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I'm learning a Coursera course about time complexity. I encounter this in a video and I think something is wrong. "So suppose that we have an algorithm whose runtime is roughly proportional to n and we want it to run it on a machine that runs at about a gigahertz. How large an input can we handle such that we'll finish the computation in a second? " (1GHZ CPU (10^9 cycles per second))

"Well if it runs at about size n, you can handle about a billion sized inputs, before it takes more than a second" (10^9 / 10^9)

"If it runs like n squared, it's a lot worse. You can only handle inputs of size about 30,000 before it starts taking more than a second." n = 30000, (30000)^2/10^9 = 0.9 sec ~ 1 sec

"If the inputs are of size 2 to the n, it's incredibly bad, you can only handle inputs of size about 30 in a second" 2^30/10^9 ~ 1.07 sec

With n log(n) complexity, if the input size n is 10^9, then it should take 10^9 * log(10^9) / 10^9 = 9 second, right? Somehow it shows 30 seconds in the video. It also said that if n = 10^7.5 then the runtime is 1 second, which is also wrong with my calculation.

I calculated every case with the n, n^2, 2^n complexity and everything was right, only nlog(n) case messed up

Here is the photo for more details: https://i.upanh.org/2022/04/11/nlogn.jpg[^]

Linked the course video (3:40 to 5:00 is the part): https://www.coursera.org/lecture/algorithmic-toolbox/asymptotic-notation-zI8dH[^]

I edited the question so that it's just like in the course video I watched

What I have tried:

I calculated every case with the n, n^2, 2^n complexity and everything was right, only nlog(n) case messed up
Posted
Updated 11-Apr-22 12:30pm
v4

Quote:
If the input size n is 10^9, then it should take 10^9 * log(10^9) / 10^9 = 9 second, right?

No ! You don't calculate runtime from Big O notation, at least not by itself.
The Big O notation tells you the category complexity of an algorithm, not the runtim, not directly.
When you have a runtime for given data size, the Big O complexity allow you to evaluate the runtime for another data size.
your timing of 1 second for data from 20 to 10^6 means that you need to switch to miliseconds timing to get meaningful timing.
   
Comments
Hoang Minh Quang FX15045 11-Apr-22 10:36am
   
Sorry, I just watched the video again. There is this line "So suppose that we have an algorithm whose runtime is roughly proportional to n and we want it to run it on a machine that runs at about a gigahertz. How large an input can we handle such that we'll finish the computation in a second? " I also updated the question with some lines in the course video.
The big O doesn't give the exact time of execution. See, for instance Big O notation - Wikipedia[^] (Properties sections, multiplication by a constant).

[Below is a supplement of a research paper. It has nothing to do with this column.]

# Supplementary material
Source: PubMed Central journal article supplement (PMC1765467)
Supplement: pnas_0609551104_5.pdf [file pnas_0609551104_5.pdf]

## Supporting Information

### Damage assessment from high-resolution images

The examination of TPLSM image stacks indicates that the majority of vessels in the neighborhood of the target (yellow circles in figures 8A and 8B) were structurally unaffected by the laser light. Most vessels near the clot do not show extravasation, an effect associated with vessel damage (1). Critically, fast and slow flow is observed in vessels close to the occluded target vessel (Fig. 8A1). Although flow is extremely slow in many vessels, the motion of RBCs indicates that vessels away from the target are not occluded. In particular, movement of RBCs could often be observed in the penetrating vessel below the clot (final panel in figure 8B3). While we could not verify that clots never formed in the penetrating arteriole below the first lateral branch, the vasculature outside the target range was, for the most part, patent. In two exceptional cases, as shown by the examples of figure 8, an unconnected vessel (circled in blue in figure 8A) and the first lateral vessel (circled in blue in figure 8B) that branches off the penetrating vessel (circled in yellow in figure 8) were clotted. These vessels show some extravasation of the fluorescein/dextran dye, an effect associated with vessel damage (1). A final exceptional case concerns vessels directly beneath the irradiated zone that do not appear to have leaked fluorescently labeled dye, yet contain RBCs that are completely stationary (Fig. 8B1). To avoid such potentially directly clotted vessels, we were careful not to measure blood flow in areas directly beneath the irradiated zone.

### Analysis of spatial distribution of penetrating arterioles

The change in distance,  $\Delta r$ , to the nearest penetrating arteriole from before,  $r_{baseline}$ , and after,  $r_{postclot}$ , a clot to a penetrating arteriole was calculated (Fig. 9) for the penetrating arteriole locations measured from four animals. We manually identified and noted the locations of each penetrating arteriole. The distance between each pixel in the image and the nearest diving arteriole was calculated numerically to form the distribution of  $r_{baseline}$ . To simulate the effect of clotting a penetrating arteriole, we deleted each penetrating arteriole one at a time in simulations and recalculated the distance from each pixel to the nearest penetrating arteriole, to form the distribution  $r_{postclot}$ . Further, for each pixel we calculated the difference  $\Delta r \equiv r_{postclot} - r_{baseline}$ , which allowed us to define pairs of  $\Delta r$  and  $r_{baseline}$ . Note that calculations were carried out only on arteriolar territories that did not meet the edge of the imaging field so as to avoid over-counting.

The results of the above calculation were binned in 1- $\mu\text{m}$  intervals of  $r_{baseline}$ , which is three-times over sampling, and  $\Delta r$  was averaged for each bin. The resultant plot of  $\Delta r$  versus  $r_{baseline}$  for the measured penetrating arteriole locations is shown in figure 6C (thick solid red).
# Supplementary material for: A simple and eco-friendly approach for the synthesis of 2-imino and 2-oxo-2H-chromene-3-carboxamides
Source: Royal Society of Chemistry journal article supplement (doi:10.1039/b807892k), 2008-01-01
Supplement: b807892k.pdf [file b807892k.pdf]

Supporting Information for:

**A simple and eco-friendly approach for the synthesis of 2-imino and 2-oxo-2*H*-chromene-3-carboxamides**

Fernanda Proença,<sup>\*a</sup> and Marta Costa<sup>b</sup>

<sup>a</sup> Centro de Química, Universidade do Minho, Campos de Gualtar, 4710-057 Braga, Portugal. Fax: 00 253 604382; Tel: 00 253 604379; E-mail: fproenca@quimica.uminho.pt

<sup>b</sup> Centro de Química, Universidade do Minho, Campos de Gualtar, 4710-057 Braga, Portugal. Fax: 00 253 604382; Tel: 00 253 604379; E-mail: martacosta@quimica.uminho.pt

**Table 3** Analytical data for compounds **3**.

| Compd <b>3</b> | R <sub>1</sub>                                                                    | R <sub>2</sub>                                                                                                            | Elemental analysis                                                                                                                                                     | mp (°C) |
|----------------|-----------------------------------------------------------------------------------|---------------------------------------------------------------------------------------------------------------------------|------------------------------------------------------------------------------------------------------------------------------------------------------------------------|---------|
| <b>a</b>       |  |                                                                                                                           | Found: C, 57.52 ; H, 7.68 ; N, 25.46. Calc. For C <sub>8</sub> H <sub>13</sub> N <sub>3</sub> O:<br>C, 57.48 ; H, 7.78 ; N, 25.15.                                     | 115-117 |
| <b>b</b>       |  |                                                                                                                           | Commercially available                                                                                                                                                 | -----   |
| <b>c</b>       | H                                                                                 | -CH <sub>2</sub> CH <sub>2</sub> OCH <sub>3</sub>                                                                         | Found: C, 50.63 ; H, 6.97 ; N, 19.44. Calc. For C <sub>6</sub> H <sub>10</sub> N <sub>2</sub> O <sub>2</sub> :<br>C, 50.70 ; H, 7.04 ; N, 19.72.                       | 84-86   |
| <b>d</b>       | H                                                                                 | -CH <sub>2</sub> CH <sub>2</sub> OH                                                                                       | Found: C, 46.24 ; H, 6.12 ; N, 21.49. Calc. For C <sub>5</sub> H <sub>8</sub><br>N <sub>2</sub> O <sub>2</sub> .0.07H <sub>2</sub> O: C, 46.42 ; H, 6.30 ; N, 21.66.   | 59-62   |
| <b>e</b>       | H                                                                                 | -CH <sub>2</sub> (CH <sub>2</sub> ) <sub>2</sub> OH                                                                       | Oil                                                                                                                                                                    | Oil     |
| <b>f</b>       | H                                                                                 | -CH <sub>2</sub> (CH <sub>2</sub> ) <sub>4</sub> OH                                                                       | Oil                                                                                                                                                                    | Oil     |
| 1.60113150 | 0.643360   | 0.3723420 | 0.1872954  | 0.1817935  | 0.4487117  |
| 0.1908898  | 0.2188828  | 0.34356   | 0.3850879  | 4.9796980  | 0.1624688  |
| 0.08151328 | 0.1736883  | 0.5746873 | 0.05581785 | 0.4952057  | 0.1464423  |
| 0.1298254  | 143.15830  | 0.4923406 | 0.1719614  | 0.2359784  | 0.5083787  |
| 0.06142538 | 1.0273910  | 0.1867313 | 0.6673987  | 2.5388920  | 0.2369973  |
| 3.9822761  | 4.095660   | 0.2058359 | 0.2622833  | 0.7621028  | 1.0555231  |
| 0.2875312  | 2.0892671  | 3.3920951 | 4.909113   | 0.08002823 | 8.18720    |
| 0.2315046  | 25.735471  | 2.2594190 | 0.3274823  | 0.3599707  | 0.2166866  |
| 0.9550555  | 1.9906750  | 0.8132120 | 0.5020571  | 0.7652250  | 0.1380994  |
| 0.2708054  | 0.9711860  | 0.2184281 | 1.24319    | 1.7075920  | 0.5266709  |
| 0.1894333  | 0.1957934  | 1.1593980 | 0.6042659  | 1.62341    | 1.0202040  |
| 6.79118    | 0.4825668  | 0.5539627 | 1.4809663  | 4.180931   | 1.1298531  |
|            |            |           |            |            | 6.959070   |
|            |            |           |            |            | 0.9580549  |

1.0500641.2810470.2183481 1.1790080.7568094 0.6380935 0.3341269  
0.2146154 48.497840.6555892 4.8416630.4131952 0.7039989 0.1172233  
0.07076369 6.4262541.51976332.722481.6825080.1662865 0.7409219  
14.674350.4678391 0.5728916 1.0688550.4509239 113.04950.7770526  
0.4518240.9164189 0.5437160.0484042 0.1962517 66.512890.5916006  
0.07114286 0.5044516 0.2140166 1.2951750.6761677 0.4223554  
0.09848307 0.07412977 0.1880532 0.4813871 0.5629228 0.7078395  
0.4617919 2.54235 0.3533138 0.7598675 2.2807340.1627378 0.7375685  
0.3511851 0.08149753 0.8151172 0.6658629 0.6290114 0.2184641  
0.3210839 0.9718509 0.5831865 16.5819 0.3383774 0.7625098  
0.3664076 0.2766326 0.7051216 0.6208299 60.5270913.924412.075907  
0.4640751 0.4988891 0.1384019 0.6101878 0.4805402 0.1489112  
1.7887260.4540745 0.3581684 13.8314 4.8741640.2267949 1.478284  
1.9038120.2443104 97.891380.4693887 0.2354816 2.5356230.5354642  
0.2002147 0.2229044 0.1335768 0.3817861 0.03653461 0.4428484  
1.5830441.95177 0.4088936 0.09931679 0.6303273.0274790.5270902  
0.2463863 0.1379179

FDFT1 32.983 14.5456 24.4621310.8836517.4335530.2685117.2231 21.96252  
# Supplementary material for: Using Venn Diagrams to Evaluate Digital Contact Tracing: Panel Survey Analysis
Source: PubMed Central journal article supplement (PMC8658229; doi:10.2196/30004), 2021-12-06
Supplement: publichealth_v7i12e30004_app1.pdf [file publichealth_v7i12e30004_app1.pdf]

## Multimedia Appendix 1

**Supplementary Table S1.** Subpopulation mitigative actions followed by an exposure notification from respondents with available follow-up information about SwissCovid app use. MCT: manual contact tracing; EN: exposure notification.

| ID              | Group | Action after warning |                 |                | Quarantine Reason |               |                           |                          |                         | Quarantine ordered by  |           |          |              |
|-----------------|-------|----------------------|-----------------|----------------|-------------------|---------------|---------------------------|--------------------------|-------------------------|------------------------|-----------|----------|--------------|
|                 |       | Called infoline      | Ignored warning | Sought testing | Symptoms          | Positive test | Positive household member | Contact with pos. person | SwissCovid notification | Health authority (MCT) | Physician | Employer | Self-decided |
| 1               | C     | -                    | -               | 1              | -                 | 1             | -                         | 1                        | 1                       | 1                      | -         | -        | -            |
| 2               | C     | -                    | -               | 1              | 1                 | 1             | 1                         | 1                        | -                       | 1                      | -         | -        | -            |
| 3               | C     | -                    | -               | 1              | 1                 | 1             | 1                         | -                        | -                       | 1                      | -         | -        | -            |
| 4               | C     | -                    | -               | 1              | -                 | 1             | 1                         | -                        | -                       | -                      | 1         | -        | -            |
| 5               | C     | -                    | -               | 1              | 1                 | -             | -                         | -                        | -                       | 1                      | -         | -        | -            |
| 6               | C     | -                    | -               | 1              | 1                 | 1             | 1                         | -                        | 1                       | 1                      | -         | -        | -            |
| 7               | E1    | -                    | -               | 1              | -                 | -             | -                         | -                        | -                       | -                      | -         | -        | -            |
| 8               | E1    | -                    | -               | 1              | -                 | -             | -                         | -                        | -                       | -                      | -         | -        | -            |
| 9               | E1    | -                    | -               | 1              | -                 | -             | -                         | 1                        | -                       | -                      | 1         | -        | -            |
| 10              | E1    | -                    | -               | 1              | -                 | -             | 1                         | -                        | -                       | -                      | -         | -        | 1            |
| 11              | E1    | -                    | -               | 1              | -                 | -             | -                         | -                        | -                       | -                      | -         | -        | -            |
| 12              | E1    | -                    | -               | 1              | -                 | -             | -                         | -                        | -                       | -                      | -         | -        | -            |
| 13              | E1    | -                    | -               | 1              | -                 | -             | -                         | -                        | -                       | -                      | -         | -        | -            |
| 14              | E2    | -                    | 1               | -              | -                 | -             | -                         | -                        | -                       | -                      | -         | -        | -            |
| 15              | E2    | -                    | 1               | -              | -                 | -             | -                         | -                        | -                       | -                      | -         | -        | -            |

Comments
Hoang Minh Quang FX15045 11-Apr-22 10:36am
   
Sorry, I just watched the video again. There is this line "So suppose that we have an algorithm whose runtime is roughly proportional to n and we want it to run it on a machine that runs at about a gigahertz. How large an input can we handle such that we'll finish the computation in a second? " I also updated the question with some lines in the course video.
To add to what the others say, you can't equate clock cycles directly with execution time anyway - some machine operations take n cycles to execute, others may be n * 2. To add to that, modern processors are pipelined - so some instructions may start while other are executing, cached - so execution time may depend on how long ago an instruction was last executed and if its data is available in L1, L2 or L3 caches, availability of free cores to execute, 'plus a host of other details.

You can't just say "my clock speed is X, so my execution time is X * Y" - there are far too many other factors that will influence it.
   
Comments
Hoang Minh Quang FX15045 11-Apr-22 10:37am
   
Sorry, I just watched the video again. There is this line "So suppose that we have an algorithm whose runtime is roughly proportional to n and we want it to run it on a machine that runs at about a gigahertz. How large an input can we handle such that we'll finish the computation in a second? " I also updated the question with some lines in the course video.
30 seconds is about right if it's log2(n). log2(1000) ~= 10.

EDIT: O(n log(n)) algorithms often recursively divide the problem in half, solve each part separately, and then combine the solutions. This is why log2 is usually implied. Mergesort is a good example.
   
v2
Comments
Hoang Minh Quang FX15045 11-Apr-22 14:22pm
   
OMG thank you!! I just searched on google, in programming when saying log(a), it usually means log2(a) not log10(a) like when I learned at high school.
the big O notation only tells you how the execution time will change when the "size" of the problem is changed, it does not provide an actual estimate for a specific case.

In other words, there is an unknown factor, so for example O(n2) could mean
time_needed = constant * n * n

where nobody is telling what the value of the constant is, hence no concrete value for time_needed.

The example only tells you that a problem twice as large will take four times as long to get solved.
   

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